roblewis56's picture
Last seen: 1 year 2 weeks ago
Joined: 06/07/2009 - 11:59pm

Dear Composite 1, Your answer that it is shutter speed that is sychronized is wrong. It is frame rate that is synchronized. Sorry if my previous post was not clear to you.

Robert


XTR-91's picture
Last seen: 8 months 3 weeks ago
Joined: 12/06/2008 - 8:57pm

Sounds a lot like something that might have happened with LANC synchronization, having a configuration box (or connection) somewhere between the camcorder and helicoper. Maybe not, but everyone else seems to indicate that it's nearly impossible by hand.


composite1's picture
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Joined: 12/11/2008 - 7:54pm
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Roble,

Survey says... XXX! (insert angry buzzer sound) Oh I'm sorry but you sir are incorrect! Thank you for playing. Unless the guy had a high frame rate video camera (which he didn't) the only other way he could have done it was with... wait for it... SHUTTERSPEED! And before you attempt to explain something to me that I've been teaching off and on since 1998, read the title bar on the video above. He said it himself that he synced it with shutter speed. If that isn't enough for you, here's some nice articles on the subject:

http://provideocoalition.com/index.php/aadams/story/rolling_shutter_and_flickering_hmis/

http://en.wikipedia.org/wiki/High_speed_photography

http://www.cybercollege.com/tvp019.htm

H.Wolfgang Porter, Composite Media Producer Dreaded Enterprises Unlimited, Inc. www.dreadedenterprises.com


roblewis56's picture
Last seen: 1 year 2 weeks ago
Joined: 06/07/2009 - 11:59pm

The effect seen with the helicopter blades is the same as that seen in movies where car tires sometimes appear to stop rotating or even rotate in reverse. This is because the frame rate, 24fps for movies, is synchronized with the rotational rate of the tires or some fraction thereof depending on the number of spokes. No high speed photography or exceptionally fast shutter speed is involved.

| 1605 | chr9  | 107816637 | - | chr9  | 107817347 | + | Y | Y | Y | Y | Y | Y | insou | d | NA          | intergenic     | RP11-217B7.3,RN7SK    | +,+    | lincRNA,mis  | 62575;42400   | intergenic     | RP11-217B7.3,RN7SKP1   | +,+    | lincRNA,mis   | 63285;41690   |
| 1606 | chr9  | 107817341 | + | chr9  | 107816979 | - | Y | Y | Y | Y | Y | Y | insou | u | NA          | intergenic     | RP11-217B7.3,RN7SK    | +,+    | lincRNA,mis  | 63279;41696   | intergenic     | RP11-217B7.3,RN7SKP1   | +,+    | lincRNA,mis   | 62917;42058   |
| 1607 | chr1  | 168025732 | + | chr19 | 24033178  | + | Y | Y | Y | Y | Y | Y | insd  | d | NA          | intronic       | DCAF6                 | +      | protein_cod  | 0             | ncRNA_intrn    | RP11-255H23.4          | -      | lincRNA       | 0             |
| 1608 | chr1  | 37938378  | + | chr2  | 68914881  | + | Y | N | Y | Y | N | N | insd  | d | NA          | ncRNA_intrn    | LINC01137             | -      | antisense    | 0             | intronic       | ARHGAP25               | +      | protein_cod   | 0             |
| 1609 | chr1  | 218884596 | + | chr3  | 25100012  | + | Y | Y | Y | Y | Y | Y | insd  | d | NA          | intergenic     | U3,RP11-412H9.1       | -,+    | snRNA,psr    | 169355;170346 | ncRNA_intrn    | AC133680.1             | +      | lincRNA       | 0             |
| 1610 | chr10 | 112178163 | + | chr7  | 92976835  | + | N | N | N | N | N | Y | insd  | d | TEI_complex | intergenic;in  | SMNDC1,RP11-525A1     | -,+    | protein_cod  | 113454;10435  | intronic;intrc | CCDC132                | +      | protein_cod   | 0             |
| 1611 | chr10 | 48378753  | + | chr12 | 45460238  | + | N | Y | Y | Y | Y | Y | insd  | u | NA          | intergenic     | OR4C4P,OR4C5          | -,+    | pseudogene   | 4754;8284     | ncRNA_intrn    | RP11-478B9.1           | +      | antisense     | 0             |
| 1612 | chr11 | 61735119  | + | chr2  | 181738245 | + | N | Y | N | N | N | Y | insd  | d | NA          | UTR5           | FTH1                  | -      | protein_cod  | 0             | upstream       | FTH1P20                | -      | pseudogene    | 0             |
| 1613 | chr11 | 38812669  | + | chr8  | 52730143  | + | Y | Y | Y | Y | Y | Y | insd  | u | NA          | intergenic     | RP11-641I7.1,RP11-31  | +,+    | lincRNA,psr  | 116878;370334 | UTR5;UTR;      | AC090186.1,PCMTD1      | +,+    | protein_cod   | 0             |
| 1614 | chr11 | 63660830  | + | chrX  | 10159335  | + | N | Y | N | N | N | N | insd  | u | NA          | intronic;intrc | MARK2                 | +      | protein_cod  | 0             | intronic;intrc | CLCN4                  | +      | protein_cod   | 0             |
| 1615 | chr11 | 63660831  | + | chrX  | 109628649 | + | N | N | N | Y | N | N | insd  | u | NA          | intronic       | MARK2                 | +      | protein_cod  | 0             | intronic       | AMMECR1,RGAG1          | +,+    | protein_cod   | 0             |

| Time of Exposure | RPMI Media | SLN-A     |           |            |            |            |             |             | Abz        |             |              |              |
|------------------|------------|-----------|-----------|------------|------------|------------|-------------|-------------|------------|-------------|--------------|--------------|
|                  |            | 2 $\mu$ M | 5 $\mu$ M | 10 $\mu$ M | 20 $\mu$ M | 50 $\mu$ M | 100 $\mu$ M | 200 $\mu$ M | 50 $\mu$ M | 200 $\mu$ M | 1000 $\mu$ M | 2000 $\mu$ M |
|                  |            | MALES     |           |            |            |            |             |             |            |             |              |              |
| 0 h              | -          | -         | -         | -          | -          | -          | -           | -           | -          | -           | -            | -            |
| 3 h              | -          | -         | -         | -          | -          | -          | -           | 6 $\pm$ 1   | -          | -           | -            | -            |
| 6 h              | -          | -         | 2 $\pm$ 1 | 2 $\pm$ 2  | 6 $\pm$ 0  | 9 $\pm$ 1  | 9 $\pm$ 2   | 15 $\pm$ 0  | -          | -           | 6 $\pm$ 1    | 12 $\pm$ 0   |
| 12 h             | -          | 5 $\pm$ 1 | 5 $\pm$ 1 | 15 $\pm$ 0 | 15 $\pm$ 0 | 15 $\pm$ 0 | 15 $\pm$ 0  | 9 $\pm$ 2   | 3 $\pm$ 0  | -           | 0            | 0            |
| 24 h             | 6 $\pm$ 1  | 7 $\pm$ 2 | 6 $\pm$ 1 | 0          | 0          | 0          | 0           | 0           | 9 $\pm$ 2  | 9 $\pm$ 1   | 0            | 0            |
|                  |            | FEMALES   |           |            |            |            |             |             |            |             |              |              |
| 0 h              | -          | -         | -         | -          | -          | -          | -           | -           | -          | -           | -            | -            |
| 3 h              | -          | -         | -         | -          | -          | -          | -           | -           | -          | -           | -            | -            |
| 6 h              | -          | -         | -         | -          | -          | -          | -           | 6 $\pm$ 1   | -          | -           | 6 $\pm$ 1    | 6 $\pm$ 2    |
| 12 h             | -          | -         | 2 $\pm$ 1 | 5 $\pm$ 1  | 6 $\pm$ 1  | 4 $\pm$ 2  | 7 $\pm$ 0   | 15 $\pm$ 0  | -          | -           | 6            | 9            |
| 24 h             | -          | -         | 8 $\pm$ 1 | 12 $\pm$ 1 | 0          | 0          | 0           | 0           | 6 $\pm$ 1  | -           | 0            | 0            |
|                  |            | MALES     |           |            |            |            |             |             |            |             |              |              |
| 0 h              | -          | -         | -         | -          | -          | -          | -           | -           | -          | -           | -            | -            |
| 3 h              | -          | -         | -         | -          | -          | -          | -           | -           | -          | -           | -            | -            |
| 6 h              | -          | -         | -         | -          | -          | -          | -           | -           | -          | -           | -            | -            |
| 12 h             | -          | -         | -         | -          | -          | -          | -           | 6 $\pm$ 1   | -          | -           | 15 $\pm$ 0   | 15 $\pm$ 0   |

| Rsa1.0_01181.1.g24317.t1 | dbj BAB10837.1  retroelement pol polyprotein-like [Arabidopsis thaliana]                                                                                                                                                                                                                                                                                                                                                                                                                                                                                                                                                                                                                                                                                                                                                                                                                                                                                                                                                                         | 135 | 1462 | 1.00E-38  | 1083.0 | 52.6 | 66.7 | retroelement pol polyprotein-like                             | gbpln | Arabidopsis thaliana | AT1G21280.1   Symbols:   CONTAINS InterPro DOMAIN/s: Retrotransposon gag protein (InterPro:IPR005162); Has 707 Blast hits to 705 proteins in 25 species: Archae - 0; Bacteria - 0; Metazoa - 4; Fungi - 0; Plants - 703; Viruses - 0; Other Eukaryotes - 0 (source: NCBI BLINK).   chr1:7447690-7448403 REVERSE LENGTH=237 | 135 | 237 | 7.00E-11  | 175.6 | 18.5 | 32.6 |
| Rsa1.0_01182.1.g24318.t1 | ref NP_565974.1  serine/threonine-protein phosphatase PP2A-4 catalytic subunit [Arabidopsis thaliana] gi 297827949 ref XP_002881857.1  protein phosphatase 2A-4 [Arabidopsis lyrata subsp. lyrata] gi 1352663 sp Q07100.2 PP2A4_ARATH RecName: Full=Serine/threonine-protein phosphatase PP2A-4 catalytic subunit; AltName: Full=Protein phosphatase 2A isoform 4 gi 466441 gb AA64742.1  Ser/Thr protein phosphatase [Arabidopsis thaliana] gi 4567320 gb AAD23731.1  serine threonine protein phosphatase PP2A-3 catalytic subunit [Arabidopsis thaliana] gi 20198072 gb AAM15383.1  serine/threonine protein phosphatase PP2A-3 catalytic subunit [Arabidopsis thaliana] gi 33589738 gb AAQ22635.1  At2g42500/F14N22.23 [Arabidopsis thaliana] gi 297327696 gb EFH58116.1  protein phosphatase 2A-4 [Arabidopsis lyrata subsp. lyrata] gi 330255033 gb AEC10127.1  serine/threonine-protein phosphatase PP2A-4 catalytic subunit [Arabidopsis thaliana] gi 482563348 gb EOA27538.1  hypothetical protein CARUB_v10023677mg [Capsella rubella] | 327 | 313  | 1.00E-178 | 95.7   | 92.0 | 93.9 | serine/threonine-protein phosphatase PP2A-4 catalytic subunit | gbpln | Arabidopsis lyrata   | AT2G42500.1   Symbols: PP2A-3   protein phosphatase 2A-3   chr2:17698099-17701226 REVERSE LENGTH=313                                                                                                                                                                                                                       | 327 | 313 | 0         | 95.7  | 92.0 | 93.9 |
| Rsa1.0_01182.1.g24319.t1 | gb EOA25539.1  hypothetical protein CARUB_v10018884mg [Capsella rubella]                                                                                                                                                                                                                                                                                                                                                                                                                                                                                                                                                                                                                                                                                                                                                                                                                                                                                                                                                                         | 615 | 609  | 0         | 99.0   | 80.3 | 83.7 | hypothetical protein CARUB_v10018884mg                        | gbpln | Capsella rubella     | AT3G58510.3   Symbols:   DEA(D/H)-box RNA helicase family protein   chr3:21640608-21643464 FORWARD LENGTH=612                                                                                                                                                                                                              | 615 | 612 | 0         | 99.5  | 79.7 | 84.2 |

roblewis56's picture
Last seen: 1 year 2 weeks ago
Joined: 06/07/2009 - 11:59pm

A helicopter rotor rotates at constant rpm, with lift (load) adjusted by blade pitch. This is why the rotors appear fixed even though the helicopter is maneuvering about. We can calculate the rpm if we assume a frame rate. The rotor in the video has 5 blades. If we take a frame rate of 30fps, typical of a camcorder, then we get 30/5 = 60 rev per second or 360 rpm.

Curious people want to know how things work.

Robert


composite1's picture
Last seen: 2 weeks 4 days ago
Joined: 12/11/2008 - 7:54pm
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Roble,

Dude the maker of the vid said he used 'Shutter Speed' to sync the video. I used to fly in helicopters to do aerial photography and videography (with people shooting at us BTW.) The way we dealt with blade interference was syncing up the shutter speed of the video camera. I'm not saying that you cannot sync up with the camera's frame rate. You're calling the guy who made this a liar by insisting he did it with frame rate when he said it was done by adjusting the shutter speed.